Water is one of the most precious natural resources because it is needed for all growing things. In modern times, the amount of water consumed by the average person can be extremely high, and water is required to produce every consumer product that people use. In order to avoid exhausting the planet’s supply of clean water, it is important to find ways to conserve as much water as possible.
Eating Meat Wastes Water
When most people try to preserve water through their diet, they focus on eating plants that were not grown with a lot of water. However, meat is actually a bigger consumer of water than produce. Each serving of chicken comes at the expense of 90 gallons of water, because any type of meat requires water to grow crops that are fed to animals and water that the animals drink directly. Because of this, vegans who avoid eating meat or dairy products consume 600 gallons of water less each day when compared to a person who eats a lot of meat. Though avoiding meat saves water, it is still possible to conserve water while eating meat. Whenever possible, choose grass fed meat, because most of the water that is used to produce meat comes from the water needed to grow corn for feed.
Swimming Pools Can Actually Save Water
A giant pool filled with gallons of water seems like it would be a waste, but it actually requires more water to maintain a lawn of the same size. Over the course of five years, a pool uses roughly 10,000 gallons less of water than a lawn, so it is a better choice for someone trying to conserve water. Even more water can be saved if the pool is covered when it is not in use. Each month, at least a few hundred gallons of water are lost from pools due to evaporation. With a pool cover, the amount of water lost through evaporation can be cut in half. Experts say that a pool cover makes a pool just as efficient for water preservation as a drought-tolerant landscape.
Discover the Production Cost for Consumer Items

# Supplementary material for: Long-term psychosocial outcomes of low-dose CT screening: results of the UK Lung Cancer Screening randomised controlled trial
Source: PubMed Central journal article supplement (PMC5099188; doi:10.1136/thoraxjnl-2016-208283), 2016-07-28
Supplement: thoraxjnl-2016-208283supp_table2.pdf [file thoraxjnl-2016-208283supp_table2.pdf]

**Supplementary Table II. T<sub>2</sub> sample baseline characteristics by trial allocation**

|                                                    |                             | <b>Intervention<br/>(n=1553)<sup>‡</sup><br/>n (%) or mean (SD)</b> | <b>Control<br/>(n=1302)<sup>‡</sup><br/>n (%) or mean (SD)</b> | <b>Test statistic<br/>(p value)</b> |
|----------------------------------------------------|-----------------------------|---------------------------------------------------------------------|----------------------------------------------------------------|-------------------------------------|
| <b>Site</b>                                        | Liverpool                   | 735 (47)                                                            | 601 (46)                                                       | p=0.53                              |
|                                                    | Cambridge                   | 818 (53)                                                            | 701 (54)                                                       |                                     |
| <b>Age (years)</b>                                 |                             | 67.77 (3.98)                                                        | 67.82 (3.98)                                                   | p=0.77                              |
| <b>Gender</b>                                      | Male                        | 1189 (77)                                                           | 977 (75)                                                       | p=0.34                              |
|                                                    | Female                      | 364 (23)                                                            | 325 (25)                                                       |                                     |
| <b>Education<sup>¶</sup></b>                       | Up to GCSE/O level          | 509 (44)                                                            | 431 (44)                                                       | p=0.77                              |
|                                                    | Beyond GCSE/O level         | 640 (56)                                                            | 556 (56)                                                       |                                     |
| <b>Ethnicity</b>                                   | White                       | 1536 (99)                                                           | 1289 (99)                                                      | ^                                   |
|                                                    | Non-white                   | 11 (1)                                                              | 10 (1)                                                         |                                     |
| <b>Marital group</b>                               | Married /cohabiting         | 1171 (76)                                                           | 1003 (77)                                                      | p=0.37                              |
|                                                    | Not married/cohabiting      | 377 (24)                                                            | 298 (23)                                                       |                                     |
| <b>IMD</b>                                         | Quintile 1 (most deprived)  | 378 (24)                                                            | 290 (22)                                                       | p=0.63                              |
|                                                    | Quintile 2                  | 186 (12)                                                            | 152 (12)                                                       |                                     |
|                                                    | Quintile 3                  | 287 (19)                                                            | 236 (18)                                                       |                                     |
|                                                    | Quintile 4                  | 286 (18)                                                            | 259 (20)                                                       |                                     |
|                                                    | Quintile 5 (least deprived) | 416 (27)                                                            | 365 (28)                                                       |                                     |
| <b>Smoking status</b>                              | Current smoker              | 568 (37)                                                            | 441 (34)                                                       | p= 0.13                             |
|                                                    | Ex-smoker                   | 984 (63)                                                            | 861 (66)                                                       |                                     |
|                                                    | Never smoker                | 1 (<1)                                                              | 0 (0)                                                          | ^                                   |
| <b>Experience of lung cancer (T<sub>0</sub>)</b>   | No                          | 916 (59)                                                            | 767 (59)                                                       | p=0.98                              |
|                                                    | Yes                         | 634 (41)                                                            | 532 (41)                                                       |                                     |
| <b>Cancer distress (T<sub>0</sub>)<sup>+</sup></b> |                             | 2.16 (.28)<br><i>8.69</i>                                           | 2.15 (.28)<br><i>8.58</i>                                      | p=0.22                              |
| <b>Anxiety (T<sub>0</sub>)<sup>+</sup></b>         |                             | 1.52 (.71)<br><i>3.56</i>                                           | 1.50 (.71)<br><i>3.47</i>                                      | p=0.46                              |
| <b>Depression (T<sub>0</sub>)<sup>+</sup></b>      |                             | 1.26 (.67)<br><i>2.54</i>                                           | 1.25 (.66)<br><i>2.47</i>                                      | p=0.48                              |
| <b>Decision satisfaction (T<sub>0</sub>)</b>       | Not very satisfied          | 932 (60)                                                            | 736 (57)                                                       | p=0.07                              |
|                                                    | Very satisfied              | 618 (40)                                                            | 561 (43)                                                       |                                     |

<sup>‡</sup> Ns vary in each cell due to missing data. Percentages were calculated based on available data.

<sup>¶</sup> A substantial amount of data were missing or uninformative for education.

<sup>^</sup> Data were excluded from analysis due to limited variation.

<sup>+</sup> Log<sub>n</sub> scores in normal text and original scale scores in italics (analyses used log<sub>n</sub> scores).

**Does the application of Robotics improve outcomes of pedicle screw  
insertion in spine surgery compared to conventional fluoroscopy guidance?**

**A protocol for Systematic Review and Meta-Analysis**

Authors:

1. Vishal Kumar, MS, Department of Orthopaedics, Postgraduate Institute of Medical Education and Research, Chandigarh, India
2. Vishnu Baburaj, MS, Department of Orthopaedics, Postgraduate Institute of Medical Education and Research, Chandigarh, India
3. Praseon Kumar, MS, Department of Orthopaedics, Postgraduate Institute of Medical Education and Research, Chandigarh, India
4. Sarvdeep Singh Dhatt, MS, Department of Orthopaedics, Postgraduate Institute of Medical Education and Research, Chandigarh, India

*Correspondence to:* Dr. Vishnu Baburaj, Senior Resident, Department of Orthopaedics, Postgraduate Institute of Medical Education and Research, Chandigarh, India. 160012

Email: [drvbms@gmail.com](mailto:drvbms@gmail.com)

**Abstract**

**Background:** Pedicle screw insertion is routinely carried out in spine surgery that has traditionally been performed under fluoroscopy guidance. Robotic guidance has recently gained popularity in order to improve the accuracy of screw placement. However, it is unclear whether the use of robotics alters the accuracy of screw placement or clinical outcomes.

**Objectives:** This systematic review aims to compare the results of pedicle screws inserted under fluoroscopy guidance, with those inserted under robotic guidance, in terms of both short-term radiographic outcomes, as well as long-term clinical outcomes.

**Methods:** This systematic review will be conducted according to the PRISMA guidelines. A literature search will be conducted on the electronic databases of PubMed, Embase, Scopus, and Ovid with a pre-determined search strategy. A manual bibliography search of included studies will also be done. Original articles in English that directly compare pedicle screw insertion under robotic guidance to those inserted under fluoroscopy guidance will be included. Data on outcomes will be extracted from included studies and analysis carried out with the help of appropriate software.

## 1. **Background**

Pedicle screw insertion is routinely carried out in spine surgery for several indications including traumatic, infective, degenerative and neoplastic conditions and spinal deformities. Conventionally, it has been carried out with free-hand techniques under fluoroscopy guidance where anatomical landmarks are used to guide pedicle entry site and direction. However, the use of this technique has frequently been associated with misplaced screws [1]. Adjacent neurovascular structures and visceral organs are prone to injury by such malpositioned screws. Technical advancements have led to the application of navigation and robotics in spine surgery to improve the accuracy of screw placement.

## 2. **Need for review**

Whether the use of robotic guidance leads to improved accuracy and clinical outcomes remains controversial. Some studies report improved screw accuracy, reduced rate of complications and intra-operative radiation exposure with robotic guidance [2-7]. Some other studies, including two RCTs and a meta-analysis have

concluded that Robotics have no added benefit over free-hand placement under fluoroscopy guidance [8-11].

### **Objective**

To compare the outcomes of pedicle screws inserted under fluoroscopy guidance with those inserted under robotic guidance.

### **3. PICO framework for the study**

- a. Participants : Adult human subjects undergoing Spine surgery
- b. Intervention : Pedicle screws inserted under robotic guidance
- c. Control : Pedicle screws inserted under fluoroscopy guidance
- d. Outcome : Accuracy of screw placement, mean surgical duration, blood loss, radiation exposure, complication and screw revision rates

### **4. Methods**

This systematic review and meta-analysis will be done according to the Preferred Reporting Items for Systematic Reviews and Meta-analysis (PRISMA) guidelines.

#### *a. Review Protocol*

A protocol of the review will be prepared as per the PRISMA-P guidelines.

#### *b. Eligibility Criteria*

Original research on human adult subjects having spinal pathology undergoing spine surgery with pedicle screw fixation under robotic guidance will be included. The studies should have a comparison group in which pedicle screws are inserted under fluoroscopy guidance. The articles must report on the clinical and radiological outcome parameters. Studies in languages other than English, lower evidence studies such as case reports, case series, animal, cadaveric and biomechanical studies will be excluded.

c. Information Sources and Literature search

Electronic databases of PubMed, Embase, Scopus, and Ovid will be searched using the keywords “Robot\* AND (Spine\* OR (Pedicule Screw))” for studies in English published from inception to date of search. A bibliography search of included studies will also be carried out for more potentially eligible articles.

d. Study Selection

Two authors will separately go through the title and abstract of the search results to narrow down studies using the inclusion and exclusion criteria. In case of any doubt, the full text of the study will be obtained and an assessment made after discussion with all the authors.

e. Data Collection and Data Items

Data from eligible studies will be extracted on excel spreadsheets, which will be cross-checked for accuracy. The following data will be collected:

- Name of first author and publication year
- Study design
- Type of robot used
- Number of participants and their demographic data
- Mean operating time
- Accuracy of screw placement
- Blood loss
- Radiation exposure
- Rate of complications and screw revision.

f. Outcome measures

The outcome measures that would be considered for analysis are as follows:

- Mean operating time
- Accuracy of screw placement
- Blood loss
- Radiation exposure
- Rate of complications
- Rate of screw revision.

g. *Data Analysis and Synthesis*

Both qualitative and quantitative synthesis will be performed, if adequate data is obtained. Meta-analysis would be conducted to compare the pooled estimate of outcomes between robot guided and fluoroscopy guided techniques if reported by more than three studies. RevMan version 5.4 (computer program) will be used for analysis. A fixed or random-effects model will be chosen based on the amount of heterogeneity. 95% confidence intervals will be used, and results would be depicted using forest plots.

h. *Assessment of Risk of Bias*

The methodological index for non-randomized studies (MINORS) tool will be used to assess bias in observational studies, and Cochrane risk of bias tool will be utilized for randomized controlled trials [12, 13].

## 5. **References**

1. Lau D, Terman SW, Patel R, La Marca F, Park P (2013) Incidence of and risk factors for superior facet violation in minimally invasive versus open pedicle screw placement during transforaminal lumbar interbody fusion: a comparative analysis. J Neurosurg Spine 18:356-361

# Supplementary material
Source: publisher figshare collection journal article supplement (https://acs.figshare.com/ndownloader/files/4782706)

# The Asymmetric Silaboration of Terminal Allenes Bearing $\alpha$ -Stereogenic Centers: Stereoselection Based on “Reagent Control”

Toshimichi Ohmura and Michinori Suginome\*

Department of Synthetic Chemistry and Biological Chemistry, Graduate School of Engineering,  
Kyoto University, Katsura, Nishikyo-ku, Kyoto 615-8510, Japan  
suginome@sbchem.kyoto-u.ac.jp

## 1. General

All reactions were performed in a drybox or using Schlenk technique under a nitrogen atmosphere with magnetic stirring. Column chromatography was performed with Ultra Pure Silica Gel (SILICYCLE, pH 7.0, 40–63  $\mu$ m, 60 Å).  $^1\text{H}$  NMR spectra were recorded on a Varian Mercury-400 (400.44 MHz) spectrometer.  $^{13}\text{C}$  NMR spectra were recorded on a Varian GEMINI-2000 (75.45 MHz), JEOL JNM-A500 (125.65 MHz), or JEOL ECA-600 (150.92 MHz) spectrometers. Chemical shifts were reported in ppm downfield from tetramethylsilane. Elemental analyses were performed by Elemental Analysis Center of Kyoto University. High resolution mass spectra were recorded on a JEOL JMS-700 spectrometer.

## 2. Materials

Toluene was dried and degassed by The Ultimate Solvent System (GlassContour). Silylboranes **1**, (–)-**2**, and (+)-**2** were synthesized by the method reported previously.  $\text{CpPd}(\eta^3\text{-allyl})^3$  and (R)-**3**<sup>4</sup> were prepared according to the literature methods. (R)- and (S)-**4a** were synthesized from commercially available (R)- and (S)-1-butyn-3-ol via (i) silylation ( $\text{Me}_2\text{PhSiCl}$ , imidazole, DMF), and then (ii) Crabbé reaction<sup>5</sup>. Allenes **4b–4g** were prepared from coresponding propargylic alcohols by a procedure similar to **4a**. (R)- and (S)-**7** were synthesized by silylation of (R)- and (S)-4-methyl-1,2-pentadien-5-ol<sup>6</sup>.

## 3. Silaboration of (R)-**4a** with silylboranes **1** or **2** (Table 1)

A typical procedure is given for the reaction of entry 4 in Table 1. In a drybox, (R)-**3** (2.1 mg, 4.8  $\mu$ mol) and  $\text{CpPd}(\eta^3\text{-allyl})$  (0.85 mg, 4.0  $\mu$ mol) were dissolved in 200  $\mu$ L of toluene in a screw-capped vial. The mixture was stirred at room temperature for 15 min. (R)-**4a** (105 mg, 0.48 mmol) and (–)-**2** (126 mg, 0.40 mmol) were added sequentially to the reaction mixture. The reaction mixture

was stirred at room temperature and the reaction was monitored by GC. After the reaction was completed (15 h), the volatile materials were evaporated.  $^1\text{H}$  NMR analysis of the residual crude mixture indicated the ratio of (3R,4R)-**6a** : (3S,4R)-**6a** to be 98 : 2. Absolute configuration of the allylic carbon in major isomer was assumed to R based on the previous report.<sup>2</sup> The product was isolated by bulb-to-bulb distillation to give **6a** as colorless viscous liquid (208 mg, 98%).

Common items made of paper, plastic, fabric, and metal all require water to be produced. For example, one new cotton shirt requires 700 gallons of water during the growing and manufacturing process. If possible, try to cut back on buying new goods that cost so much water. Instead of using plastic food storage techniques like Tupperware to hold lunches, try using paper bags made of recycled paper that cost less water to produce. Throwing away water-intensive materials wastes water, but recycling them into new products can help to save water.
Turn Off the Sink When Not in Use
It might seem like a waste of effort to turn off the sink while brushing your teeth or scrubbing a pot, but these little changes can actually make a huge difference. Most people thoughtlessly leave their kitchen and bathroom sinks running throughout the day, and this adds up to millions of gallons every day. People tend to underestimate the amount of water that can flow through a facet so quickly, but making this one minor change could save about 2,880 gallons of water per year per person.
Energy Efficient Appliances Make a Big Difference
According to experts, installing a water efficient toilet is the greatest water saving action that the average person can make. More companies are focusing on creating water efficient appliances that use less water to get things done. A high efficiency clothes washer can use 20 gallons less water each time it runs, and efficient dishwashers are just as good at saving water. If you cannot afford to replace your appliances with more efficient models, just using a lower setting will save water. Most of the time, dishwashers and laundry machines do not need to be set on powerful settings, so that can waste water.
Author bio – Lee Flynn is a freelance writer from the Wasatch Mountains near Salt Lake City, UT. Through small local workshops and articles, Lee trains and teaches others on home preparation, food storage techniques, wilderness survival and self-reliance. After obtaining a Bachelor’s degree from the University of Utah, Lee moved to the Salt Lake Valley where he now lives with his wife and daughter.
Follow him on Twitter @foodstorage101.